<p style="margin-bottom: 7.5pt; line-height: normal; background-image: initial; background-position: initial; background-size: initial; background-repeat: initial; background-attachment: initial; background-origin: initial; background-clip: initial;">Theonly way you could join your company's 401(k) plan, 403(b) plan, or 457(b) plan was to put pen to paper and sign yourself up by filling out the appropriate<br>
forms. Now, though, in an effort to help participants increase their retirement
savings, some employers have begun enrolling their employees automatically. With automatic enrollment, you don't fill out a form to opt into your company's
retirement plan; you only fill out a form to opt out of it.
At first glance
enrollment sounds like a no-brainer--without doing anything, you're
on your way to saving for retirement. But don't just assume that the investment
decisions your employer has made on your behalf are right for you. Instead,
charge of your own retirement savings right now by following these four steps.
Step 1: Get the facts
you work for a company that offers
automatic enrollment, your employer will typically enroll you once you meet the
retirement plan's eligibility requirements, and will begin to direct a certain
percentage of your paycheck (your contribution rate) into the investment fund
the company has chosen as its default.
make the mistake of thinking you
have to stick with the default elections your employer has chosen for you. Once
you've been automatically enrolled, you can increase (or decrease) your
contribution rate, move money from one investment option to another, or even
opt out of the plan altogether. You may even have the right in some cases to
request a refund of amounts automatically withheld from your pay.
employer is required to send you
information about the plan provisions and your investment options, along with
specific instructions on how to opt out if you choose not to participate in the
plan. Read the documents you receive (including your plan statements), and ask
questions about anything you don't understand before making any investment
Step 2: Consider your contribution rate
many people, you may be tempted to
stick with the contribution rate your employer has chosen for you. But this
contribution rate (typically 3 percent) may be less than you need to contribute
to target your retirement savings goal. Find out, too, if your company offers
matching funds (employers who offer matching funds to traditionally-enrolled
plan participants must offer the same match to automatically-enrolled
participants). If so, try to contribute at least enough to receive the full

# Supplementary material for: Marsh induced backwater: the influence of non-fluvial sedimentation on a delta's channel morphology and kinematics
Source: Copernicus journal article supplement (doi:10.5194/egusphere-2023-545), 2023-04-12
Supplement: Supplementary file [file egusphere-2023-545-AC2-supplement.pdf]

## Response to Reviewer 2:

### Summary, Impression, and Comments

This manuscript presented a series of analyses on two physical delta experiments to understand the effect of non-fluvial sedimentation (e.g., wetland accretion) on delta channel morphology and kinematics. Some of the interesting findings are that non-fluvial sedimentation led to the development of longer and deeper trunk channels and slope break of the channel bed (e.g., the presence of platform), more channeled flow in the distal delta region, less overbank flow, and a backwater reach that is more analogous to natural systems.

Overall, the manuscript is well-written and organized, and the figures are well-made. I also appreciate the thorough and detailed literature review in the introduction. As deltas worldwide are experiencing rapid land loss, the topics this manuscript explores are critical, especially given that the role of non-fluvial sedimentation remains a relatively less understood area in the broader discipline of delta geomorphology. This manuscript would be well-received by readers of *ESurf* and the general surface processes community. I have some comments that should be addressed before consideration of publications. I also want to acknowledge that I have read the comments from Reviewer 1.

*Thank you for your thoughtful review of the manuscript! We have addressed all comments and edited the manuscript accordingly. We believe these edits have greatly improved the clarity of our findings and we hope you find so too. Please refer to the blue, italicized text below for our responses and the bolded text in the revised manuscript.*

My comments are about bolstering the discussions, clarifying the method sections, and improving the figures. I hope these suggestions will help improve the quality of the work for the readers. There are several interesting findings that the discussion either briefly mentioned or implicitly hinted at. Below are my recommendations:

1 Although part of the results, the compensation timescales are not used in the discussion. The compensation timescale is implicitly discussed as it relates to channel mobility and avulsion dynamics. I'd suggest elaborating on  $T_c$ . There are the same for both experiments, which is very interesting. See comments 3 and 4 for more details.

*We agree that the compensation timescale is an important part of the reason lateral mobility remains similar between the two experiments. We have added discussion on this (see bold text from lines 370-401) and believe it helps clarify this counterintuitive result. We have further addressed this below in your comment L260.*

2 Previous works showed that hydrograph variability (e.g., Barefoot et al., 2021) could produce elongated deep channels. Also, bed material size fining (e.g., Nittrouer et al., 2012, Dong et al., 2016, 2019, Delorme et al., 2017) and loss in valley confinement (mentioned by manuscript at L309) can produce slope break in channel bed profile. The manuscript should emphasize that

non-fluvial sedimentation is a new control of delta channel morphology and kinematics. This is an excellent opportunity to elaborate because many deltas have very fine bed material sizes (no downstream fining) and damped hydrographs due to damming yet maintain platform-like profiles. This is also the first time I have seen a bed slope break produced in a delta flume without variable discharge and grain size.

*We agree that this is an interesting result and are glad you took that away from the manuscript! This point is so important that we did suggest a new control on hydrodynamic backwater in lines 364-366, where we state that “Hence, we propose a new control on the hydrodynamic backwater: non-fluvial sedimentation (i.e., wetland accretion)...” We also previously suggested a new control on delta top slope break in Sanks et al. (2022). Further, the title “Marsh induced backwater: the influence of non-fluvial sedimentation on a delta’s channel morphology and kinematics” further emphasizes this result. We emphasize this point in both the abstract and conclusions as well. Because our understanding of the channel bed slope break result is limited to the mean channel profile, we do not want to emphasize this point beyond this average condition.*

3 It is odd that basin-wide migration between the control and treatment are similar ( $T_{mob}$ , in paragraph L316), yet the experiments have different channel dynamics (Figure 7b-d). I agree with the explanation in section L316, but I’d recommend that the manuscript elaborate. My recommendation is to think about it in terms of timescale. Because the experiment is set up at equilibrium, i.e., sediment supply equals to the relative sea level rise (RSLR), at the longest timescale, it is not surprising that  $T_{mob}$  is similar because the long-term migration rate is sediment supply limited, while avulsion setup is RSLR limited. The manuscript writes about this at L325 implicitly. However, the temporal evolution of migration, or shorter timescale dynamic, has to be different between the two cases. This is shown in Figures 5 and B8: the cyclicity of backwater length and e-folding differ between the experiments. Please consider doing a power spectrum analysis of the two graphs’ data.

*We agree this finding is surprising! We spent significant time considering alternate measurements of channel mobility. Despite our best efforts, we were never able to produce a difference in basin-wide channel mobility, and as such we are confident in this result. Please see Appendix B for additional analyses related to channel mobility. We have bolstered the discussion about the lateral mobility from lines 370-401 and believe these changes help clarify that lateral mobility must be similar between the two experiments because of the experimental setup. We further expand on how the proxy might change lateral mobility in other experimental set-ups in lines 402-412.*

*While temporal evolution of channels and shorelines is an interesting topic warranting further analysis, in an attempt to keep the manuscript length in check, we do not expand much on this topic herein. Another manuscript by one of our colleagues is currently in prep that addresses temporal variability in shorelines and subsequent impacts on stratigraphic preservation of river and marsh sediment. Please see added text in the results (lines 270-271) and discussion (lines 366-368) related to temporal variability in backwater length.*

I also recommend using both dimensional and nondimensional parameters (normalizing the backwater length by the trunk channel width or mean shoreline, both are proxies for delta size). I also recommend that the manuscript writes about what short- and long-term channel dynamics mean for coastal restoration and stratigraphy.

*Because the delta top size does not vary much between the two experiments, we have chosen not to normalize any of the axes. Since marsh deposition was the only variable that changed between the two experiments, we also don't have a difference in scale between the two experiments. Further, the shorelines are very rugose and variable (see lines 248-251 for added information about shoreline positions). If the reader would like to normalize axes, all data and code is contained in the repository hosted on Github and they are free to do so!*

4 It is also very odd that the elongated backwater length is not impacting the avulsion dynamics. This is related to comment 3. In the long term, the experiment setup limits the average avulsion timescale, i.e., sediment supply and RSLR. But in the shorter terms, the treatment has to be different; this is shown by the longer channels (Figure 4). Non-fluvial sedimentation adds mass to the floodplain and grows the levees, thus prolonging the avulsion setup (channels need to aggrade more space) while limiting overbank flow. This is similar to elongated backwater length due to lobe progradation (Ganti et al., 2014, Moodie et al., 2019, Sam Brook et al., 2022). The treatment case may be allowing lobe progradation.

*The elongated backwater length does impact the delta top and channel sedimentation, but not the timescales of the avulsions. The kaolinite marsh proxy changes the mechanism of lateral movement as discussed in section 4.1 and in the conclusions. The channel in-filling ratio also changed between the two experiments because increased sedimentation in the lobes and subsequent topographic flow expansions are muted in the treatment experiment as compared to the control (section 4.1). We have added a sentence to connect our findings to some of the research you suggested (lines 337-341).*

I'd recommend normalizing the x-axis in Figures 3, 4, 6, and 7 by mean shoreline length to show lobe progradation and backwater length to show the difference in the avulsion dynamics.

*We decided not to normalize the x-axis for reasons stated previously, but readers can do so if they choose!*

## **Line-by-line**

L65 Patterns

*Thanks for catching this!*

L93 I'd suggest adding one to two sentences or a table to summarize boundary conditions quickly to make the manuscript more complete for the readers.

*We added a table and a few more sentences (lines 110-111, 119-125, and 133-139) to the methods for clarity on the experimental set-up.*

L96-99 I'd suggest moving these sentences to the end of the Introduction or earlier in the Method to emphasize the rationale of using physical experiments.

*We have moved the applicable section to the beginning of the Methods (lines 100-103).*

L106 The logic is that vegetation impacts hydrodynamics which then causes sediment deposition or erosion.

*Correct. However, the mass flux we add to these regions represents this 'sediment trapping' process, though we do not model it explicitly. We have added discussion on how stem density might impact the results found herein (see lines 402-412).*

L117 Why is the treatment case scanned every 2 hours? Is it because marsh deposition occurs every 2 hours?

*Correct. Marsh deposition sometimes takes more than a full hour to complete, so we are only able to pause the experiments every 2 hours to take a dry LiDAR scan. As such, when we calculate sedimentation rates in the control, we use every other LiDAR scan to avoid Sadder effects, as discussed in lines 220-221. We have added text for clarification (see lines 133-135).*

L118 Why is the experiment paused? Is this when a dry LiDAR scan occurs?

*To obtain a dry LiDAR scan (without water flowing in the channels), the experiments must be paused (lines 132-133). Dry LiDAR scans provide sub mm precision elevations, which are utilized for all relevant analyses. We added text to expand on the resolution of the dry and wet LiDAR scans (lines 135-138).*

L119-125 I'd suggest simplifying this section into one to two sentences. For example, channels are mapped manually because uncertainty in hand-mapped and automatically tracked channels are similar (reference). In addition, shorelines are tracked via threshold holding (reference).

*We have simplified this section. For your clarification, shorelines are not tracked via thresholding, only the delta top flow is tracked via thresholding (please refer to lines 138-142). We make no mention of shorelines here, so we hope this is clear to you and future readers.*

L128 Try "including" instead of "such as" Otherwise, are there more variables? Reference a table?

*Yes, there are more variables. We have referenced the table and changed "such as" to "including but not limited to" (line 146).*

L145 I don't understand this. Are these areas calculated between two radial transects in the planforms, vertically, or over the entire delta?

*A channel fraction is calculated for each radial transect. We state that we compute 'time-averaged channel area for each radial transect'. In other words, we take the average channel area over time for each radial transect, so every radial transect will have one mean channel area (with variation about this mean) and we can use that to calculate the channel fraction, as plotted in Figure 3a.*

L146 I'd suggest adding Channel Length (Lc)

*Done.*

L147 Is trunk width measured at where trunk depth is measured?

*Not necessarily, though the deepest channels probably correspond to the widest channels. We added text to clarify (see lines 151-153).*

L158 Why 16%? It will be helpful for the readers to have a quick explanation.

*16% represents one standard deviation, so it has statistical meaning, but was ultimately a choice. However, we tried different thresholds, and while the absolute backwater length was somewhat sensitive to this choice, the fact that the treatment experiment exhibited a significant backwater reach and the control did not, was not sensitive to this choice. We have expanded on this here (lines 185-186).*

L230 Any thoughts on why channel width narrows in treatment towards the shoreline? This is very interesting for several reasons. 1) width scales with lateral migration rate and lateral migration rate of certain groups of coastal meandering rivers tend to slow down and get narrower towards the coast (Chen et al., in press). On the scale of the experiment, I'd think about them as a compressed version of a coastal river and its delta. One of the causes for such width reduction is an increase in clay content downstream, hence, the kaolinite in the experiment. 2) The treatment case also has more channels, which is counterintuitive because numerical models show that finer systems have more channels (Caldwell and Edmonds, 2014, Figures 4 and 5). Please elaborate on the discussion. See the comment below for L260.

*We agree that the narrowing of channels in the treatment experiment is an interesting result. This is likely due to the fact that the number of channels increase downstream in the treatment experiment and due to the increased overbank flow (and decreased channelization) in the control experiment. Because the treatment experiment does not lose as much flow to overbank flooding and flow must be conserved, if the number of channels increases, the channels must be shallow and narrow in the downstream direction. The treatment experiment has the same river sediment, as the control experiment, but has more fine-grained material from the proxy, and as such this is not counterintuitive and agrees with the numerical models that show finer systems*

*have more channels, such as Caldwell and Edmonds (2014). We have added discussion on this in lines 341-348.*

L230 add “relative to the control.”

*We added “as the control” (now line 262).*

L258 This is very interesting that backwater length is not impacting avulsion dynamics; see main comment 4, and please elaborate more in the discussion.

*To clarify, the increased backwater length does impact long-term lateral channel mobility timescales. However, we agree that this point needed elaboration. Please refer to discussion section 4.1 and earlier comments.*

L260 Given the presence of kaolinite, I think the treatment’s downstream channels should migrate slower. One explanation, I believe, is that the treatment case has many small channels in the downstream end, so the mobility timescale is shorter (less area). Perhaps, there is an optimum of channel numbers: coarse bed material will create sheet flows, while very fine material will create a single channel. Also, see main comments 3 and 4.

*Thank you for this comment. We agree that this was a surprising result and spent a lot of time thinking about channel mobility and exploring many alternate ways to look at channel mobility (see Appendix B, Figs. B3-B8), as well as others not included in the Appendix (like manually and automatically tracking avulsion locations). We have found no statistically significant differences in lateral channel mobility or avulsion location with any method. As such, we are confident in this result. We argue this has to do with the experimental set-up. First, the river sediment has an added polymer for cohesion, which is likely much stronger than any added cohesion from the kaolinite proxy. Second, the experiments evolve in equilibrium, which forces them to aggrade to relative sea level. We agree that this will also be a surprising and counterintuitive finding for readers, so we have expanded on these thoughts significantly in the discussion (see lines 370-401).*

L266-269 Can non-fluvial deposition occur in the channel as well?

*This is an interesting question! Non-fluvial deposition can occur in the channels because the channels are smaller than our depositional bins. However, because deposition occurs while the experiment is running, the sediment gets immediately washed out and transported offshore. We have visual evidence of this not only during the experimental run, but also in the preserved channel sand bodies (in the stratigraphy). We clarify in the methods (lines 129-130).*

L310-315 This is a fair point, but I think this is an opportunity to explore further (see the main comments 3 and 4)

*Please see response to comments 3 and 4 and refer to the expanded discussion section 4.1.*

match. (401(k) plans with qualified automatic contribution arrangements (QACAs)
are required to make a contribution on your behalf.)
Step 3: Review your investment options
you're automatically enrolled,
your contributions are invested in the plan's default investment option
(typically a fund that includes a balanced mix of investments). But investing
in the default option may not be the best choice for you. Depending on how much
you need to save for retirement, how far away you are from retirement, and your
tolerance for risk, you may want to redirect some of your contributions into
more aggressive options that, although more volatile, offer greater potential
for long-term growth.
Note: Before investing in any mutual fund,
carefully consider its investment objectives, risks, fees, and expenses, which
can be found in the prospectus available from the fund. Read the prospectus
carefully before investing. There is no guarantee that any
investment strategy will be successful; all investing involves risk, including
the possible loss of principal. Investments seeking to achieve higher returns
also involve a higher degree of risk.
Step 4: Check up on your plan at least once a
if you've decided to stick with
your company's default options for now, review your investment options at least
once a year, keeping in mind the following questions:
you saving enough?
you afford to contribute more?
the investments you've chosen still appropriate for your age
and risk tolerance?
you need to redirect all or some of your contributions to
better target your retirement savings goal?
you make decisions, think about your
overall retirement plan, including where your retirement money will come (e.g.,
Social Security, 401(k) plan, pension plan), the major expenses you might have
(e.g., housing, medical care), and the lifestyle you hope to lead (e.g.,
traveling frequently, owning a second home).
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